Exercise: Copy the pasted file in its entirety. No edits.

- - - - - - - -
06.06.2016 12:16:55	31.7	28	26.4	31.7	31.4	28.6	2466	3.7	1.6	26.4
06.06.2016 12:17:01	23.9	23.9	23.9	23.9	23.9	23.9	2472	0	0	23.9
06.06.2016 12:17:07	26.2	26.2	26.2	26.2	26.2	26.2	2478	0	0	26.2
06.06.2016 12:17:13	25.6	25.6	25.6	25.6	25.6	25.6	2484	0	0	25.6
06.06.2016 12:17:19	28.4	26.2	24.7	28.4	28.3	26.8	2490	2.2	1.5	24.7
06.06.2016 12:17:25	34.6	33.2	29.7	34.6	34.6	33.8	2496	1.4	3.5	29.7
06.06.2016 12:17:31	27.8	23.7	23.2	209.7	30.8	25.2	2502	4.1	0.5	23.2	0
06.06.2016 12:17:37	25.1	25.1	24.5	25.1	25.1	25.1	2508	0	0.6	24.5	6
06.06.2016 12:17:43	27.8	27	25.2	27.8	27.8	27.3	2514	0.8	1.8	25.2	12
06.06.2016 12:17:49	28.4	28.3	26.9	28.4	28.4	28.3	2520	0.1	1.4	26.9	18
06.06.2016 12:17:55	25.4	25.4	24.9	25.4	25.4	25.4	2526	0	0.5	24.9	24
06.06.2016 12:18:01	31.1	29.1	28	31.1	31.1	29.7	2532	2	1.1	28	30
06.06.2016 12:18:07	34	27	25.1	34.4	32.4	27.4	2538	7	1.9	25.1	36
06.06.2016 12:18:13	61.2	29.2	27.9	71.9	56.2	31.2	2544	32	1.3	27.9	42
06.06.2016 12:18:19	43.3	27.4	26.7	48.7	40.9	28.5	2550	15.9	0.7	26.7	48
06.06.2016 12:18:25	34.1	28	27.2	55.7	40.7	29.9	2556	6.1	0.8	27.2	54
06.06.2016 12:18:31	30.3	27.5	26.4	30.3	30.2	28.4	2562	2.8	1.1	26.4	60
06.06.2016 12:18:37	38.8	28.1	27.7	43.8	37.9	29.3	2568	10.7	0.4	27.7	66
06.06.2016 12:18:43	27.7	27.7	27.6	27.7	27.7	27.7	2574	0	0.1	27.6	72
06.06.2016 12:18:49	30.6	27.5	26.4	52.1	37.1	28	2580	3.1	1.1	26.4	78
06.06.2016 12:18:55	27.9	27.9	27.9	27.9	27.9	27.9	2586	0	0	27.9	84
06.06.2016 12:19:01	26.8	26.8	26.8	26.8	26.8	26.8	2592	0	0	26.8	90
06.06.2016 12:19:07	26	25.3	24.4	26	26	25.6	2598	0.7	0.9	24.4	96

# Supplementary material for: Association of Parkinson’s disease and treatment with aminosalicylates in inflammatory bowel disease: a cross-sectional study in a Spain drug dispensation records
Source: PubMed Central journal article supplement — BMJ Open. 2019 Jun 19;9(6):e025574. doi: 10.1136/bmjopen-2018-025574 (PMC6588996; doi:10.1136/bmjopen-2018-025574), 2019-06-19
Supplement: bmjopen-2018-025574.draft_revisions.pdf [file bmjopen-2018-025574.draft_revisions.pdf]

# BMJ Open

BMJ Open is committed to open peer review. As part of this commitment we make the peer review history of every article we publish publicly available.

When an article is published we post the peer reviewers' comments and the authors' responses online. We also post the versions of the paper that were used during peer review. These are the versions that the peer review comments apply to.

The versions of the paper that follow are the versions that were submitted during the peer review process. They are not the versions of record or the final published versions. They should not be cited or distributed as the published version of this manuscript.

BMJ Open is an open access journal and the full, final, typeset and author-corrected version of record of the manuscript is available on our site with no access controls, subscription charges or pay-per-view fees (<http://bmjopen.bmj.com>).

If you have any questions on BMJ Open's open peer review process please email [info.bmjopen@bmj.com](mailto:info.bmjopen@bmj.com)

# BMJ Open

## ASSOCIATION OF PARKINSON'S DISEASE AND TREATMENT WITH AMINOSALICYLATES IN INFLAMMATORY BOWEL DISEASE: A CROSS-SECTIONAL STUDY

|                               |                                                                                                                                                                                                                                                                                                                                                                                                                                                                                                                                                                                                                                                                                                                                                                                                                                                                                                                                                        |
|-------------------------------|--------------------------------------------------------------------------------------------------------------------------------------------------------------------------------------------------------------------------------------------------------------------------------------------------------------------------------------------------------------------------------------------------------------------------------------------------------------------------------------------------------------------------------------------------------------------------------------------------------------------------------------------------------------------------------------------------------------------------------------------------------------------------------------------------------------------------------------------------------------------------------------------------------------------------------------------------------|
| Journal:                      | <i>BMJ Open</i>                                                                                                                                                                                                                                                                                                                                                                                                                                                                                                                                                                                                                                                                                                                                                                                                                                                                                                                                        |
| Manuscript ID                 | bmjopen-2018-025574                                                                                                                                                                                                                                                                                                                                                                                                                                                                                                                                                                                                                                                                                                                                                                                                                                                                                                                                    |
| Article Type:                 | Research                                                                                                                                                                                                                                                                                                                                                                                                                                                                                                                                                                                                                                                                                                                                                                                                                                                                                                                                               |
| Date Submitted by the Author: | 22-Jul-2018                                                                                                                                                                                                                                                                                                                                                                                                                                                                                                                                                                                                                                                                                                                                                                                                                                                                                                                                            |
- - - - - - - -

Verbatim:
06.06.2016 12:16:55	31.7	28	26.4	31.7	31.4	28.6	2466	3.7	1.6	26.4
06.06.2016 12:17:01	23.9	23.9	23.9	23.9	23.9	23.9	2472	0	0	23.9
06.06.2016 12:17:07	26.2	26.2	26.2	26.2	26.2	26.2	2478	0	0	26.2
06.06.2016 12:17:13	25.6	25.6	25.6	25.6	25.6	25.6	2484	0	0	25.6
06.06.2016 12:17:19	28.4	26.2	24.7	28.4	28.3	26.8	2490	2.2	1.5	24.7
06.06.2016 12:17:25	34.6	33.2	29.7	34.6	34.6	33.8	2496	1.4	3.5	29.7
06.06.2016 12:17:31	27.8	23.7	23.2	209.7	30.8	25.2	2502	4.1	0.5	23.2	0
06.06.2016 12:17:37	25.1	25.1	24.5	25.1	25.1	25.1	2508	0	0.6	24.5	6
06.06.2016 12:17:43	27.8	27	25.2	27.8	27.8	27.3	2514	0.8	1.8	25.2	12
06.06.2016 12:17:49	28.4	28.3	26.9	28.4	28.4	28.3	2520	0.1	1.4	26.9	18
06.06.2016 12:17:55	25.4	25.4	24.9	25.4	25.4	25.4	2526	0	0.5	24.9	24
06.06.2016 12:18:01	31.1	29.1	28	31.1	31.1	29.7	2532	2	1.1	28	30
06.06.2016 12:18:07	34	27	25.1	34.4	32.4	27.4	2538	7	1.9	25.1	36
06.06.2016 12:18:13	61.2	29.2	27.9	71.9	56.2	31.2	2544	32	1.3	27.9	42
06.06.2016 12:18:19	43.3	27.4	26.7	48.7	40.9	28.5	2550	15.9	0.7	26.7	48
06.06.2016 12:18:25	34.1	28	27.2	55.7	40.7	29.9	2556	6.1	0.8	27.2	54
06.06.2016 12:18:31	30.3	27.5	26.4	30.3	30.2	28.4	2562	2.8	1.1	26.4	60
06.06.2016 12:18:37	38.8	28.1	27.7	43.8	37.9	29.3	2568	10.7	0.4	27.7	66
06.06.2016 12:18:43	27.7	27.7	27.6	27.7	27.7	27.7	2574	0	0.1	27.6	72
06.06.2016 12:18:49	30.6	27.5	26.4	52.1	37.1	28	2580	3.1	1.1	26.4	78
06.06.2016 12:18:55	27.9	27.9	27.9	27.9	27.9	27.9	2586	0	0	27.9	84
06.06.2016 12:19:01	26.8	26.8	26.8	26.8	26.8	26.8	2592	0	0	26.8	90
06.06.2016 12:19:07	26	25.3	24.4	26	26	25.6	2598	0.7	0.9	24.4	96

# Supplementary material for: Association of Parkinson’s disease and treatment with aminosalicylates in inflammatory bowel disease: a cross-sectional study in a Spain drug dispensation records
Source: PubMed Central journal article supplement — BMJ Open. 2019 Jun 19;9(6):e025574. doi: 10.1136/bmjopen-2018-025574 (PMC6588996; doi:10.1136/bmjopen-2018-025574), 2019-06-19
Supplement: bmjopen-2018-025574.draft_revisions.pdf [file bmjopen-2018-025574.draft_revisions.pdf]

# BMJ Open

BMJ Open is committed to open peer review. As part of this commitment we make the peer review history of every article we publish publicly available.

When an article is published we post the peer reviewers' comments and the authors' responses online. We also post the versions of the paper that were used during peer review. These are the versions that the peer review comments apply to.

The versions of the paper that follow are the versions that were submitted during the peer review process. They are not the versions of record or the final published versions. They should not be cited or distributed as the published version of this manuscript.

BMJ Open is an open access journal and the full, final, typeset and author-corrected version of record of the manuscript is available on our site with no access controls, subscription charges or pay-per-view fees (<http://bmjopen.bmj.com>).

If you have any questions on BMJ Open's open peer review process please email [info.bmjopen@bmj.com](mailto:info.bmjopen@bmj.com)

# BMJ Open

## ASSOCIATION OF PARKINSON'S DISEASE AND TREATMENT WITH AMINOSALICYLATES IN INFLAMMATORY BOWEL DISEASE: A CROSS-SECTIONAL STUDY

|                               |                                                                                                                                                                                                                                                                                                                                                                                                                                                                                                                                                                                                                                                                                                                                                                                                                                                                                                                                                        |
|-------------------------------|--------------------------------------------------------------------------------------------------------------------------------------------------------------------------------------------------------------------------------------------------------------------------------------------------------------------------------------------------------------------------------------------------------------------------------------------------------------------------------------------------------------------------------------------------------------------------------------------------------------------------------------------------------------------------------------------------------------------------------------------------------------------------------------------------------------------------------------------------------------------------------------------------------------------------------------------------------|
| Journal:                      | <i>BMJ Open</i>                                                                                                                                                                                                                                                                                                                                                                                                                                                                                                                                                                                                                                                                                                                                                                                                                                                                                                                                        |
| Manuscript ID                 | bmjopen-2018-025574                                                                                                                                                                                                                                                                                                                                                                                                                                                                                                                                                                                                                                                                                                                                                                                                                                                                                                                                    |
| Article Type:                 | Research                                                                                                                                                                                                                                                                                                                                                                                                                                                                                                                                                                                                                                                                                                                                                                                                                                                                                                                                               |
| Date Submitted by the Author: | 22-Jul-2018                                                                                                                                                                                                                                                                                                                                                                                                                                                                                                                                                                                                                                                                                                                                                                                                                                                                                                                                            |